Best known for a small handful of the Canterbury tales – the collection offers a portrait of a society on the make for all it's worth – a generally flawed but attractive company; with only two major exceptions Chaucer shows no inclination to pass judgement. His true contempt is reserved for the clerical conmen like the Pardoner and the Summoner who brag about their skill in exploiting the poor.

It's a long time now since Terry Jones Pythonised the figure of the Knight leaving general readers with the impression that all his campaigns had the same degree of moral justification as some grant the recent invasion of Iraq. Entertaining as the theory is, it won't stand scrutiny. The General Prologue to the Canterbury Tales is a form of 'estates satire' – estates are the medieval equivalent of class but divinely ordained rather than economically determined. The standard account identifies three ideals of fourteenth-century society – those who fight (the Knight), those who pray (the Parson), and those who labour (the Ploughman). The three provide a yardstick against which the general failings of less perfect beings can be measured; remaining somewhat shadowy figures devoid of the rich wealth of individual detail that delineates the other pilgrims.

The academic in me also wants to think that Chaucer hints at a fourth ideal: the clerk, admittedly the eternal student, stands for all who gladly learn and gladly teach – though as the students in the tales of the Miller and the Reeve demonstrate the stereotype of the smart-arsed undergrad obsessed with drink and fornication is nothing new.

As the Lollards were quick to point out, pilgrimage in the fourteenth century had degenerated into a medieval package tour. From the outset the religious motivation of the company (which includes Chaucer's own comically ineffectual alter ego) is in doubt.

A blow-out supper at the Tabard Inn ensures that the pilgrims are drunk enough to agree when Harry Bailley (the original Pub Landlord) proposes the story telling contest. Nor do they seem to realise that the proposed prize, a supper at the Tabard, will swell mine host's takings still further – nice one, Harry!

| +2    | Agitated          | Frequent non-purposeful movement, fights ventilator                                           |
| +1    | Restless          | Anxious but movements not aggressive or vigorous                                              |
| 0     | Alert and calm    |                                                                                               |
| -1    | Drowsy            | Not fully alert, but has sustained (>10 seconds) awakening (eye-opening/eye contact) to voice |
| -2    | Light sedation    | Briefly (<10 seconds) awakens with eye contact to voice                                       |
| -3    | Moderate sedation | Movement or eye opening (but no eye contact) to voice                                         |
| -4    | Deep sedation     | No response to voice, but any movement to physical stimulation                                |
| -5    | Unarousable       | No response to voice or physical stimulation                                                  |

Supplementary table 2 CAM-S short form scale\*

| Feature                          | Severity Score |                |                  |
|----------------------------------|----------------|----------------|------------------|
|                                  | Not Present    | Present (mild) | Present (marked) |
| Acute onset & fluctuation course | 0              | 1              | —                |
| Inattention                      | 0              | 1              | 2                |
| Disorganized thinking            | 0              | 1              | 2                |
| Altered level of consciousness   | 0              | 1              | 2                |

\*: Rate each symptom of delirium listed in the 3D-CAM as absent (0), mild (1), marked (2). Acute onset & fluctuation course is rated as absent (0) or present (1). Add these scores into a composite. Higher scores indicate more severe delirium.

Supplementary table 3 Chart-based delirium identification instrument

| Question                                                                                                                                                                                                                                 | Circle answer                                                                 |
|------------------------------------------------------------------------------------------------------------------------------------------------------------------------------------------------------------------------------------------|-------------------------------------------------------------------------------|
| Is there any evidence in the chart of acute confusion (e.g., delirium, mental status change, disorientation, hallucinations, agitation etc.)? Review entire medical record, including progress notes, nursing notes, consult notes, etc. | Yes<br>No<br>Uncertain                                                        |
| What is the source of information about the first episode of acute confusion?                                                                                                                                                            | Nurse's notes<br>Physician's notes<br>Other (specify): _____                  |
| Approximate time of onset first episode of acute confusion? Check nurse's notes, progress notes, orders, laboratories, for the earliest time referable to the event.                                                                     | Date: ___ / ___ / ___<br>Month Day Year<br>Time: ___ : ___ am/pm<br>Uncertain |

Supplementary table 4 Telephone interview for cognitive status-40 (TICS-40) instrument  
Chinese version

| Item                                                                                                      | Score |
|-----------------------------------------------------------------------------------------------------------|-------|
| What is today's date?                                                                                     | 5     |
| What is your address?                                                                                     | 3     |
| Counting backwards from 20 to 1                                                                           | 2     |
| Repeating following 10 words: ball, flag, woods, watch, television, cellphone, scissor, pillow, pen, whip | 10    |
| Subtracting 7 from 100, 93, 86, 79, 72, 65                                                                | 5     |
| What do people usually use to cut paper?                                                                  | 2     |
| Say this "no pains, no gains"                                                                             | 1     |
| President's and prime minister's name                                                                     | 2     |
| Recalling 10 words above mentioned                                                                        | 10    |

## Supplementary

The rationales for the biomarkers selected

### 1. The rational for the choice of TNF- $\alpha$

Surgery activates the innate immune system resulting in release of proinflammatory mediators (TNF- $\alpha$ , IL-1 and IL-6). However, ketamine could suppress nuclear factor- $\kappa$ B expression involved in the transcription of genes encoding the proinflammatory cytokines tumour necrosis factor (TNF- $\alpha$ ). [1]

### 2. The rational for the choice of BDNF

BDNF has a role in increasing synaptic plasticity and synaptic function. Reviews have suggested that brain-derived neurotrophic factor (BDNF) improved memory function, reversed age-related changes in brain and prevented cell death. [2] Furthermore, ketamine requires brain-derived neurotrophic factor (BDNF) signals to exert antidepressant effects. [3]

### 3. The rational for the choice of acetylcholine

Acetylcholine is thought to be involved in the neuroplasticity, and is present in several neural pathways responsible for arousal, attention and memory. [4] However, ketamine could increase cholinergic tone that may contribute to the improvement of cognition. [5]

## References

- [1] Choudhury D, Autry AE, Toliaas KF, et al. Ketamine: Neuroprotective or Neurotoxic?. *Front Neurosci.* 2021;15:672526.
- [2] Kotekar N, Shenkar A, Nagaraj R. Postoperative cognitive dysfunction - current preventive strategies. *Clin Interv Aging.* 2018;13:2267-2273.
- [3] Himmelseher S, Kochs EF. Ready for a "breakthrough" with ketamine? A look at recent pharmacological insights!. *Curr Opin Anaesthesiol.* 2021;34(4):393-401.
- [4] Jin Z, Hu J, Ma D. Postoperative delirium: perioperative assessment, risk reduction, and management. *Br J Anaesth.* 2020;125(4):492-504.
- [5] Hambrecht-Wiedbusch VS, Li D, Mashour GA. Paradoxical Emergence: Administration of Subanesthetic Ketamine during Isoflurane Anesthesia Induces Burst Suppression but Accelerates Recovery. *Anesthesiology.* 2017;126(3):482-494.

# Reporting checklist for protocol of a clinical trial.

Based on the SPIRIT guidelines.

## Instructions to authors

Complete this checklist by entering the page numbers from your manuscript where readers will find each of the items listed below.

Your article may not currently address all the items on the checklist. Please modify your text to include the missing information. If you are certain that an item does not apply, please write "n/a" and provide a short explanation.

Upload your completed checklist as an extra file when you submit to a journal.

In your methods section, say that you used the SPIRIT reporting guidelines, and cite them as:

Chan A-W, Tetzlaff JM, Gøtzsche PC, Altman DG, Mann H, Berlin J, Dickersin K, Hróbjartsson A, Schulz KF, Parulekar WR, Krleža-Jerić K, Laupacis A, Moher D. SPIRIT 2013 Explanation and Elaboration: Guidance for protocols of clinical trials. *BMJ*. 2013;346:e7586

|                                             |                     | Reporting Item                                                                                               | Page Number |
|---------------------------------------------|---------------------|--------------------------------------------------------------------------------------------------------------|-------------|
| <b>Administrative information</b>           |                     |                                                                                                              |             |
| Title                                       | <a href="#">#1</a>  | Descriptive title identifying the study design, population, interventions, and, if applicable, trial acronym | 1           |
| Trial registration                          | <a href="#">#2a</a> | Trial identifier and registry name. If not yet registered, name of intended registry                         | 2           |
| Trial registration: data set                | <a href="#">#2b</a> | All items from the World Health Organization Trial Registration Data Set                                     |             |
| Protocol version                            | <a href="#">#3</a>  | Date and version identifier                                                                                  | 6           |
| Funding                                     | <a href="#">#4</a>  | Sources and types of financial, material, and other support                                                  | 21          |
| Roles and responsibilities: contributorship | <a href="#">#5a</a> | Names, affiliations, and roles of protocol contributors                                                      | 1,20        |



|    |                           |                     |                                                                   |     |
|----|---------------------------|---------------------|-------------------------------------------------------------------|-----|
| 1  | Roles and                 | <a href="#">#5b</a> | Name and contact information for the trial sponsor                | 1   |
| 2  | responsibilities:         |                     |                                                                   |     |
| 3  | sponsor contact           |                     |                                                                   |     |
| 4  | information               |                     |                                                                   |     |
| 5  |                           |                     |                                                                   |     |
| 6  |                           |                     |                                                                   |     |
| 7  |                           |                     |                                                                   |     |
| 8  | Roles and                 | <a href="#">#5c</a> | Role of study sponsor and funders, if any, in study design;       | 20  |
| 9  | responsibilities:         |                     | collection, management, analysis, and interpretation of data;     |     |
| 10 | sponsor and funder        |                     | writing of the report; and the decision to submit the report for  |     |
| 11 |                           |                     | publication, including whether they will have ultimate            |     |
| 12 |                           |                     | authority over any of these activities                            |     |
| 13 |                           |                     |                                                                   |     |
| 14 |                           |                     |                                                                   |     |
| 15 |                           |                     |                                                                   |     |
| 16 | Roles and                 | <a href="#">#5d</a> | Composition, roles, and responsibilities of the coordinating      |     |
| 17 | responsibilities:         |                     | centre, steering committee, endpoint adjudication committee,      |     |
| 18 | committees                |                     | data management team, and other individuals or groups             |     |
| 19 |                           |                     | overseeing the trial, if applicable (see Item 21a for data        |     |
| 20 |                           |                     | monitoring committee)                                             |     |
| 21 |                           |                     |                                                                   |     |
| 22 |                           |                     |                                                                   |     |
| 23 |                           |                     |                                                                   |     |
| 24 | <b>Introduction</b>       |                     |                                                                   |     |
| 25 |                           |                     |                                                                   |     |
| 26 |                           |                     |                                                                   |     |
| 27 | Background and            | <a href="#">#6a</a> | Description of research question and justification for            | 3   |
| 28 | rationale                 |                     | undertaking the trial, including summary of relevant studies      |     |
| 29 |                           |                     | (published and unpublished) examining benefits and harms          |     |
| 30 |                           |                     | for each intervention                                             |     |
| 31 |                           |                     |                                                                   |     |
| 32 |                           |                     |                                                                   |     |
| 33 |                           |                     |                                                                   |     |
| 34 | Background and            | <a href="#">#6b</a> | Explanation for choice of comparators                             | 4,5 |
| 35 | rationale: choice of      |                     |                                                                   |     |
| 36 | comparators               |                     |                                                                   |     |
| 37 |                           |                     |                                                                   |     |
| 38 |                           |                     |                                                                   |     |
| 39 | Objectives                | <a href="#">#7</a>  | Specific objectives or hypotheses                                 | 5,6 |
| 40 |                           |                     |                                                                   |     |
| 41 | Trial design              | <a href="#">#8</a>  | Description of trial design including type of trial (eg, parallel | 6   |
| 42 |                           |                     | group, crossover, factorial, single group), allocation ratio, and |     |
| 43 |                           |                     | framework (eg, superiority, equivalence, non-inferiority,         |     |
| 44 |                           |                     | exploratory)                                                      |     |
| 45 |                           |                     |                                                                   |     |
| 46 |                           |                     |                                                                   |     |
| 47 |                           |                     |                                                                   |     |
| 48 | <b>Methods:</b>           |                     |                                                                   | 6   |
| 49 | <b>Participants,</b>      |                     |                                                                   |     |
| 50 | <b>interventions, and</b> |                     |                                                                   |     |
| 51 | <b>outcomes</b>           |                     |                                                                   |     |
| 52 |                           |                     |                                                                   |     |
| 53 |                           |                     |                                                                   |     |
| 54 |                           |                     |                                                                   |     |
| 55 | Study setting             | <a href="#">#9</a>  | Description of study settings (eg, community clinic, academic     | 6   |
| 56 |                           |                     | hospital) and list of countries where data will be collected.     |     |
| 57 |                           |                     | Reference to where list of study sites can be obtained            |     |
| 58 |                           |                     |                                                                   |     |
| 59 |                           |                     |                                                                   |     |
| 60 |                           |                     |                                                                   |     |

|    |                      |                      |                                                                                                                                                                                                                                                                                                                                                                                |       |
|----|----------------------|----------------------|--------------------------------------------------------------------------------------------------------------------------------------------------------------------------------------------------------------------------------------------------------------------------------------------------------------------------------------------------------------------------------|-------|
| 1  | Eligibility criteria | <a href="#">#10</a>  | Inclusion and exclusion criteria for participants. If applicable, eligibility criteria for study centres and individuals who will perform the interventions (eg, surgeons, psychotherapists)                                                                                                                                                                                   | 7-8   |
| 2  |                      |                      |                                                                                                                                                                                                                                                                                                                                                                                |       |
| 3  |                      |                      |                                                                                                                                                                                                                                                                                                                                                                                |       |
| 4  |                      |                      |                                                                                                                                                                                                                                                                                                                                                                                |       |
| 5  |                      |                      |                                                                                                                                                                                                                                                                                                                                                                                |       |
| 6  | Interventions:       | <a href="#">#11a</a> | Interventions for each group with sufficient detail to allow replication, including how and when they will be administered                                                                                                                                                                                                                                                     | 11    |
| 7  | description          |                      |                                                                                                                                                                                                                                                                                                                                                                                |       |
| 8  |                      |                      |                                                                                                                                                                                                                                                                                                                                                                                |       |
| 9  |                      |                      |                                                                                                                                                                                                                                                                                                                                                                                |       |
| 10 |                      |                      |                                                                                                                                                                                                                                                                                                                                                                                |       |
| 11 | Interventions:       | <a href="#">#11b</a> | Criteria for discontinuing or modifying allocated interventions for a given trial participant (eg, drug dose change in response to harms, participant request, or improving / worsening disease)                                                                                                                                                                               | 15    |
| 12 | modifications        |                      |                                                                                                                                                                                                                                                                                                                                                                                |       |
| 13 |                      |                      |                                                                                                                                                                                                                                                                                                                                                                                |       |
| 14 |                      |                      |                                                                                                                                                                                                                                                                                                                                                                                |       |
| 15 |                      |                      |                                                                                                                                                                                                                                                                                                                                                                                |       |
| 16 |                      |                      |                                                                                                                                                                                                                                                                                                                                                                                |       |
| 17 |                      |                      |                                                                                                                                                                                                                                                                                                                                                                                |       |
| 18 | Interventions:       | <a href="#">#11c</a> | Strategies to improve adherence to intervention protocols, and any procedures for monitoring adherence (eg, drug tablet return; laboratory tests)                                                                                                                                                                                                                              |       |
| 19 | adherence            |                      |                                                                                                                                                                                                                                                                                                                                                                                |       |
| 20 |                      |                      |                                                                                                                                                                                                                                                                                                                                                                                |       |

The pilgrims eat, drink, jest and take their turns to tell stories. But the niceties of social precedence break down immediately as the drunken Miller insists on telling his tale after the Knight's romance. It turns out to be a wonderfully obscene parody of the Knight's tale in which a hapless carpenter is ingeniously cuckolded. The paranoid Reeve, originally a carpenter by trade, butts in to get even with another story in which a scheming miller is outwitted and both his wife and daughter are "swived". Further quarrels errupt…and Bailley's pompous attempts to preserve decorum are doomed to failure.

The Canterbury Tales also presents us with a compendium of medieval genres: romance, fabliau, animal fables, saints lives, allegories, autobiographical confessions, an early criminal narrative, and even a sermon.

This narrative skill was matched by an extraordinary feeling for the way ordinary people speak. The Host ties himself in subjunctive knots trying to be genteel when addressing the Prioress, the northern accents of two Cambridge students hint at misplaced confidence in their ability to outwit a miller, the affecting delight with which the Wife of Bath recalls a life hard lived tinged with the melancholy awareness of fading beauty, and the sinister professional slickness of the Pardoner's sales pitch can still sicken us.

As only a man at the top of his game would dare to do, Chaucer equips his own naive persona with a tale of such dire poetic incompetence that it is rudely howled down by the other pilgrims. And who wins supper at the Tabard Inn? We shall never know because the collection was unfinished when Chaucer died at the turn of the fourteenth century. Perhaps it was always his intention that his reader should be the final arbiter.

He was buried in Westminster Abbey – close to what would later become Poets' corner. His place there probably reflects his status as a royal servant and the fact that he lived just round the corner rather than his fame as a poet. There were no professional writers in the fourteenth century – Chaucer depended upon sinecures from the court for his income – but his work and reputation established the idea of the poet in the English imagination. There had been great poets writing in the English of their day long before Chaucer, but we know nothing of their lives, and only one or two names. He is the first English poet of whom we have a painted portrait and the first great literary personality in the English canon with followers who proudly claimed to be following in his poetic footsteps.

Though in some ways the society Chaucer wrote about is changed beyond recognition, ordinary English men and women with all their humorous, pugnacious, and endearing individuality still emerge with greater vitality in his brilliant narratives than in the writings of many more recent poets. Don't take my word for it. While the Open University offers as yet no opportunity to study Chaucer, there are many cheap and accessible editions of his work in modern translation available and when reading these have whetted your appetite, do try the original – the spelling is strange to the modern eye but not hard to master and, with occasional help from a glossary, Chaucer is easier to understand than Shakespeare.